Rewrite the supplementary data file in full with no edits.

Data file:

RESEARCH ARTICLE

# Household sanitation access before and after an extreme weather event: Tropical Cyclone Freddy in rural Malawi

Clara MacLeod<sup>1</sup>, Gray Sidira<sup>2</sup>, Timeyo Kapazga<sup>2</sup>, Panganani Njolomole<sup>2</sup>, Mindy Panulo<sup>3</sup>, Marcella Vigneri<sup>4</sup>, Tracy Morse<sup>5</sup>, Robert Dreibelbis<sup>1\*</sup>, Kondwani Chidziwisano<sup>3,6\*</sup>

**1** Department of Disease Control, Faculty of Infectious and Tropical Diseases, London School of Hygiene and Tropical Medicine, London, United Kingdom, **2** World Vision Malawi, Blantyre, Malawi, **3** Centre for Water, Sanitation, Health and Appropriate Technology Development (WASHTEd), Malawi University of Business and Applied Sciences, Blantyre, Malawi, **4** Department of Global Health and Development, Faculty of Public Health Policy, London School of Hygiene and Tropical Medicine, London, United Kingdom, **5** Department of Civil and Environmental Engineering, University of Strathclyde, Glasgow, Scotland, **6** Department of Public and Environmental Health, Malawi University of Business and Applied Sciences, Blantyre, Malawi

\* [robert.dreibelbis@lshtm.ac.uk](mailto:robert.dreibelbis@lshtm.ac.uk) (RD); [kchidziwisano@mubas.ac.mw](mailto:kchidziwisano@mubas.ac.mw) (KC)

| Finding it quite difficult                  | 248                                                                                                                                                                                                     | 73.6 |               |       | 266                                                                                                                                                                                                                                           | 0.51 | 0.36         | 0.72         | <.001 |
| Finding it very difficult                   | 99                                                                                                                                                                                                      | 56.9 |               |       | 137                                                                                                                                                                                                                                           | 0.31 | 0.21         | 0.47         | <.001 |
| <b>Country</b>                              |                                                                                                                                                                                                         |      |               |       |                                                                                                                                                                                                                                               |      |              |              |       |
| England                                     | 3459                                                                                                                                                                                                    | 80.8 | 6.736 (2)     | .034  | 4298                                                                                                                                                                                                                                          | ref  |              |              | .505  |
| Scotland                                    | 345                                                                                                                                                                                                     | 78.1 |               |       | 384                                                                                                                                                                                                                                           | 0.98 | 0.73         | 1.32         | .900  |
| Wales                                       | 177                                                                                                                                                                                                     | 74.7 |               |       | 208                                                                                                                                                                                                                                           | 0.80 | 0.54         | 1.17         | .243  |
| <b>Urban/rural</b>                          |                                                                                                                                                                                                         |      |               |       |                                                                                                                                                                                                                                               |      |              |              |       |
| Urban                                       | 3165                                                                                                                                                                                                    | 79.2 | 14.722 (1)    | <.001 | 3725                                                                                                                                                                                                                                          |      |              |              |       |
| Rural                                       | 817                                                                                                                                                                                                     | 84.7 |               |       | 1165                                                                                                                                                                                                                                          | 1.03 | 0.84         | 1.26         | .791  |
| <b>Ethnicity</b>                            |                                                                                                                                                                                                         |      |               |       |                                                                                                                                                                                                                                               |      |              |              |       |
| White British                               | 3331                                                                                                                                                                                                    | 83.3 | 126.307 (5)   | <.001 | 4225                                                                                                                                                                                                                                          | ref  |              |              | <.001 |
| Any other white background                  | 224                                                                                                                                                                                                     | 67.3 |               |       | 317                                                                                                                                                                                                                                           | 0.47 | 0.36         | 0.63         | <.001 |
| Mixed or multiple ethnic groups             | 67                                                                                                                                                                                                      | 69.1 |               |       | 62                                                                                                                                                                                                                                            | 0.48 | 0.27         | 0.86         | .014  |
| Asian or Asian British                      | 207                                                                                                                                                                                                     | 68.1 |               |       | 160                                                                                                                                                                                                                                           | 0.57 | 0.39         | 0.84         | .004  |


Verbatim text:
RESEARCH ARTICLE

# Household sanitation access before and after an extreme weather event: Tropical Cyclone Freddy in rural Malawi

Clara MacLeod<sup>1</sup>, Gray Sidira<sup>2</sup>, Timeyo Kapazga<sup>2</sup>, Panganani Njolomole<sup>2</sup>, Mindy Panulo<sup>3</sup>, Marcella Vigneri<sup>4</sup>, Tracy Morse<sup>5</sup>, Robert Dreibelbis<sup>1\*</sup>, Kondwani Chidziwisano<sup>3,6\*</sup>

**1** Department of Disease Control, Faculty of Infectious and Tropical Diseases, London School of Hygiene and Tropical Medicine, London, United Kingdom, **2** World Vision Malawi, Blantyre, Malawi, **3** Centre for Water, Sanitation, Health and Appropriate Technology Development (WASHTEd), Malawi University of Business and Applied Sciences, Blantyre, Malawi, **4** Department of Global Health and Development, Faculty of Public Health Policy, London School of Hygiene and Tropical Medicine, London, United Kingdom, **5** Department of Civil and Environmental Engineering, University of Strathclyde, Glasgow, Scotland, **6** Department of Public and Environmental Health, Malawi University of Business and Applied Sciences, Blantyre, Malawi

\* [robert.dreibelbis@lshtm.ac.uk](mailto:robert.dreibelbis@lshtm.ac.uk) (RD); [kchidziwisano@mubas.ac.mw](mailto:kchidziwisano@mubas.ac.mw) (KC)

| Finding it quite difficult                  | 248                                                                                                                                                                                                     | 73.6 |               |       | 266                                                                                                                                                                                                                                           | 0.51 | 0.36         | 0.72         | <.001 |
| Finding it very difficult                   | 99                                                                                                                                                                                                      | 56.9 |               |       | 137                                                                                                                                                                                                                                           | 0.31 | 0.21         | 0.47         | <.001 |
| <b>Country</b>                              |                                                                                                                                                                                                         |      |               |       |                                                                                                                                                                                                                                               |      |              |              |       |
| England                                     | 3459                                                                                                                                                                                                    | 80.8 | 6.736 (2)     | .034  | 4298                                                                                                                                                                                                                                          | ref  |              |              | .505  |
| Scotland                                    | 345                                                                                                                                                                                                     | 78.1 |               |       | 384                                                                                                                                                                                                                                           | 0.98 | 0.73         | 1.32         | .900  |
| Wales                                       | 177                                                                                                                                                                                                     | 74.7 |               |       | 208                                                                                                                                                                                                                                           | 0.80 | 0.54         | 1.17         | .243  |
| <b>Urban/rural</b>                          |                                                                                                                                                                                                         |      |               |       |                                                                                                                                                                                                                                               |      |              |              |       |
| Urban                                       | 3165                                                                                                                                                                                                    | 79.2 | 14.722 (1)    | <.001 | 3725                                                                                                                                                                                                                                          |      |              |              |       |
| Rural                                       | 817                                                                                                                                                                                                     | 84.7 |               |       | 1165                                                                                                                                                                                                                                          | 1.03 | 0.84         | 1.26         | .791  |
| <b>Ethnicity</b>                            |                                                                                                                                                                                                         |      |               |       |                                                                                                                                                                                                                                               |      |              |              |       |
| White British                               | 3331                                                                                                                                                                                                    | 83.3 | 126.307 (5)   | <.001 | 4225                                                                                                                                                                                                                                          | ref  |              |              | <.001 |
| Any other white background                  | 224                                                                                                                                                                                                     | 67.3 |               |       | 317                                                                                                                                                                                                                                           | 0.47 | 0.36         | 0.63         | <.001 |
| Mixed or multiple ethnic groups             | 67                                                                                                                                                                                                      | 69.1 |               |       | 62                                                                                                                                                                                                                                            | 0.48 | 0.27         | 0.86         | .014  |
| Asian or Asian British                      | 207                                                                                                                                                                                                     | 68.1 |               |       | 160                                                                                                                                                                                                                                           | 0.57 | 0.39         | 0.84         | .004  |